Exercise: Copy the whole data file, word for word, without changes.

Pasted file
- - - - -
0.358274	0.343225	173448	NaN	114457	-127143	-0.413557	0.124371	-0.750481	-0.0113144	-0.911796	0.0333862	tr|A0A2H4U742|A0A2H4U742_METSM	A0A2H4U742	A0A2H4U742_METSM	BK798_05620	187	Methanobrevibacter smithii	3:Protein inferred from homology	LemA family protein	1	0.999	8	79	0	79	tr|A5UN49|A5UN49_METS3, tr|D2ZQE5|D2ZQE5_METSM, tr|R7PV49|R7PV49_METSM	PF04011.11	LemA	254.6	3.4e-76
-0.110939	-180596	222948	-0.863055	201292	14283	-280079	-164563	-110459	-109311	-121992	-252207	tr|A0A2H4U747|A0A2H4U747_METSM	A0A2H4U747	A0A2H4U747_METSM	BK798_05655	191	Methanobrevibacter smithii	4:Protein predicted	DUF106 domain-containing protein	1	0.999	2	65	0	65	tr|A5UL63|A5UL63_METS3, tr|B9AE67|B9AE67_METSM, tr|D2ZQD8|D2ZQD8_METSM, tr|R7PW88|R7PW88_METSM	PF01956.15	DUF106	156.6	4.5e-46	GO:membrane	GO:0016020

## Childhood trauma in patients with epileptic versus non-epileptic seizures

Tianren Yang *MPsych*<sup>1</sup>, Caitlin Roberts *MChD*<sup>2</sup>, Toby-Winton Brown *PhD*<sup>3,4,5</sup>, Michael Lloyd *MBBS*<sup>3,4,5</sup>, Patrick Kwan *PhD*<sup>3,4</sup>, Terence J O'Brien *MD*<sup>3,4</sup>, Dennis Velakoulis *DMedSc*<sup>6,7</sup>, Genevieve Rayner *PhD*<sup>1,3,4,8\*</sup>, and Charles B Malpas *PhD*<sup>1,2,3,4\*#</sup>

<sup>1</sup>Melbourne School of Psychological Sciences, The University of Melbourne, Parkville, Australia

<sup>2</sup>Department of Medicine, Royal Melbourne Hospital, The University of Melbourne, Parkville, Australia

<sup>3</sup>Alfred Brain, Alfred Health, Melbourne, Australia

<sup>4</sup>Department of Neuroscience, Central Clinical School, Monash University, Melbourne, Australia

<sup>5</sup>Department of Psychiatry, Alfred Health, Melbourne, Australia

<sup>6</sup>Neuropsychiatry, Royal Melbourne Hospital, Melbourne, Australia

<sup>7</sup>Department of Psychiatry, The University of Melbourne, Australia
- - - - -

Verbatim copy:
0.358274	0.343225	173448	NaN	114457	-127143	-0.413557	0.124371	-0.750481	-0.0113144	-0.911796	0.0333862	tr|A0A2H4U742|A0A2H4U742_METSM	A0A2H4U742	A0A2H4U742_METSM	BK798_05620	187	Methanobrevibacter smithii	3:Protein inferred from homology	LemA family protein	1	0.999	8	79	0	79	tr|A5UN49|A5UN49_METS3, tr|D2ZQE5|D2ZQE5_METSM, tr|R7PV49|R7PV49_METSM	PF04011.11	LemA	254.6	3.4e-76
-0.110939	-180596	222948	-0.863055	201292	14283	-280079	-164563	-110459	-109311	-121992	-252207	tr|A0A2H4U747|A0A2H4U747_METSM	A0A2H4U747	A0A2H4U747_METSM	BK798_05655	191	Methanobrevibacter smithii	4:Protein predicted	DUF106 domain-containing protein	1	0.999	2	65	0	65	tr|A5UL63|A5UL63_METS3, tr|B9AE67|B9AE67_METSM, tr|D2ZQD8|D2ZQD8_METSM, tr|R7PW88|R7PW88_METSM	PF01956.15	DUF106	156.6	4.5e-46	GO:membrane	GO:0016020

## Childhood trauma in patients with epileptic versus non-epileptic seizures

Tianren Yang *MPsych*<sup>1</sup>, Caitlin Roberts *MChD*<sup>2</sup>, Toby-Winton Brown *PhD*<sup>3,4,5</sup>, Michael Lloyd *MBBS*<sup>3,4,5</sup>, Patrick Kwan *PhD*<sup>3,4</sup>, Terence J O'Brien *MD*<sup>3,4</sup>, Dennis Velakoulis *DMedSc*<sup>6,7</sup>, Genevieve Rayner *PhD*<sup>1,3,4,8\*</sup>, and Charles B Malpas *PhD*<sup>1,2,3,4\*#</sup>

<sup>1</sup>Melbourne School of Psychological Sciences, The University of Melbourne, Parkville, Australia

<sup>2</sup>Department of Medicine, Royal Melbourne Hospital, The University of Melbourne, Parkville, Australia

<sup>3</sup>Alfred Brain, Alfred Health, Melbourne, Australia

<sup>4</sup>Department of Neuroscience, Central Clinical School, Monash University, Melbourne, Australia

<sup>5</sup>Department of Psychiatry, Alfred Health, Melbourne, Australia

<sup>6</sup>Neuropsychiatry, Royal Melbourne Hospital, Melbourne, Australia

<sup>7</sup>Department of Psychiatry, The University of Melbourne, Australia